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Exhibition details for 21511 - 'A Modern Collection of Genji in Colour'
'A Modern Collection of Genji in Colour'
contains 54 images
'A Modern Collection of Genji in Colour'
This woodblock series by Utagawa Kunisada (Toyokuni III) (1786-1864) is entitled 'A Modern Collectiton of Genji in Colour' (Ima Genji nishikie awase) and was published by Sanoya Kihei (Sanoki, Kikakudo) between 1852 and 1854. The series consists of 54 medium-sized printed sheets which correspond to the 54 chapters of Murasaki Shikibu's eleventh century classic, 'The Tale of Genji' (Genji monogatari). Murasaki's novel focuses on the character of Prince Genji, and describes the romantic rivalries and political intrigues of medieval court life.

Edo-period novelist Ryutei Tanehiko's (1783-1843) illustrated serial novel 'A Fake Murasaki and A Rustic Genji' (Nise Murasaki inaka Genji) drew inspiration from Murasaki's 'The Tale of Genji' and popularised scenes and characters from the story. Kunisada worked closely with Tanehiko and provided the illustrations for all 38 volumes of 'A Fake Murasaki and A Rustic Genji' published between 1828 and 1842 by Tsuruya Kiemon. Tanehiko's Genji was 'rustic' in the sense that it used the language of Edo commoners. Although Tanehiko transposed the action from the Heian period to the late 15th century Muromachi period, the characters in Tanehiko's tale were dressed in contemporary Edo fashions. In Tanehiko's novel, Prince Genji was replaced with the heroic character of Prince Mitsuuji. The refashioning of Prince Genji as Prince Mitsuuji allowed Edo-period artists a greater degree of freedom from official censors in the retelling of the Genji tales. The series became a best-seller and sold over 10,000 copies.

Tanehiko died in 1842 from aggravated ill health (or suicide). His sudden demise has been attributed to the harsh treatment he received from the Tokugawa government censors during a crackdown in 1841-3 known as the Tenpo Reforms. During this period, punishment was meted out to those accused of corroding public morals. In the wake of these reforms, a small number of print artists, authors and actors were fined, manacled or banished.

In the 1850s, ten years after Tanehiko's death, the popularity of Genji-related prints still endured, and Kunisada continued to profit from the success of 'A Fake Murasaki and A Rustic Genji' by reworking the novel's illustrations. Thousands of Genji pictures were published to satisfy the public's Genji obsession. Commercial household products were branded with Genji-related motifs and kabuki theatres responded to the success of Tanehiko's novel with Genji inspired productions.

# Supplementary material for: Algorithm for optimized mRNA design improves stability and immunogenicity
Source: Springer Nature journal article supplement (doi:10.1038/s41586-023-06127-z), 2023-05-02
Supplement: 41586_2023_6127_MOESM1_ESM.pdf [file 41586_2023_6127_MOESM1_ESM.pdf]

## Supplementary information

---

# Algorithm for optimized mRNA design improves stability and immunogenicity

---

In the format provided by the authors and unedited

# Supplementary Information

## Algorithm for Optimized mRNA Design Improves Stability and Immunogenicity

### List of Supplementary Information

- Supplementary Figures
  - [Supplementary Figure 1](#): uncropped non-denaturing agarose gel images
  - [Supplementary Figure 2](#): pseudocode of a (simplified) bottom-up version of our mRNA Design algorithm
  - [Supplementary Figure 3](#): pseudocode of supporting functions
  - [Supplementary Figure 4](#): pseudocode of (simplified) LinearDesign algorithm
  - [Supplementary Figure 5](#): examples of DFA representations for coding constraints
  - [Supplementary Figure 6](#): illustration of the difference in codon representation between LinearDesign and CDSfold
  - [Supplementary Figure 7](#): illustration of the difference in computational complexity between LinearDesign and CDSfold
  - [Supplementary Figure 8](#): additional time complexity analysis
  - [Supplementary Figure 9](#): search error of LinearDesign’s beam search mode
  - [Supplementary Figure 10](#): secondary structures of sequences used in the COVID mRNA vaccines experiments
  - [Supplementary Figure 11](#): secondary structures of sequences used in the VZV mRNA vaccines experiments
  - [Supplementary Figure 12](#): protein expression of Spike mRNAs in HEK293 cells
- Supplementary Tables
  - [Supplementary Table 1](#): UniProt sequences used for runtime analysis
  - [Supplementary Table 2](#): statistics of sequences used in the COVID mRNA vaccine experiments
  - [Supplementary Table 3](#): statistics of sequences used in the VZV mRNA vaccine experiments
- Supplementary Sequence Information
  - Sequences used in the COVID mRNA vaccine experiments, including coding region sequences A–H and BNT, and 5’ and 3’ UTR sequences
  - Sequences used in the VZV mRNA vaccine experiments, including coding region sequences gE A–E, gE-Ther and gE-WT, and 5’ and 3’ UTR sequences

Tanehiko's novel had appealed to young women and may even have been read by women and consorts of the shogun's court. At the time of their publication, it was even believed that the gorgeous interiors that featured in Kunisada's illustrations for the novel were based upon the real chambers of the Tokugawa shogun Ienari (r. 1786-1837). Kunisada's Genji prints can be regarded as late Edo period fashion plates that aimed to present the most sumptuous kimono designs and interior decorations to an avid, largely female readership. Kunisada invented Prince Mitsuuji's signature lobster-tail topknot and an amusing story survives that describes how a wealthy pawnbroker was arrested and prosecuted for dressing up as the novel's protagonist and parading along the Sumida River embankment! The exquisitely dressed romantic and heroic figures that appear in 'A Modern Collection of Genji in Colour' provided the Edo public with a world of fantasy and escape during a time of government oppression and censure.

Three other Genji-themed series appear in the Henry Dyer collection of woodblock prints. They are 'The Twelve Months' (Junikagetsu no uchi) (1850-1851) and 'Faithful Depictions of the Figure of the Shining Prince' (Sono sugata hikaru no utsushie) (c.1852) by Utagawa Kunisada, and 'Murasaki Shikibu Genji Cards' (Murasaki Shikibu Genji karuta) (1857) by Baichoro Kunisada II, Kunisada's son in law and successor.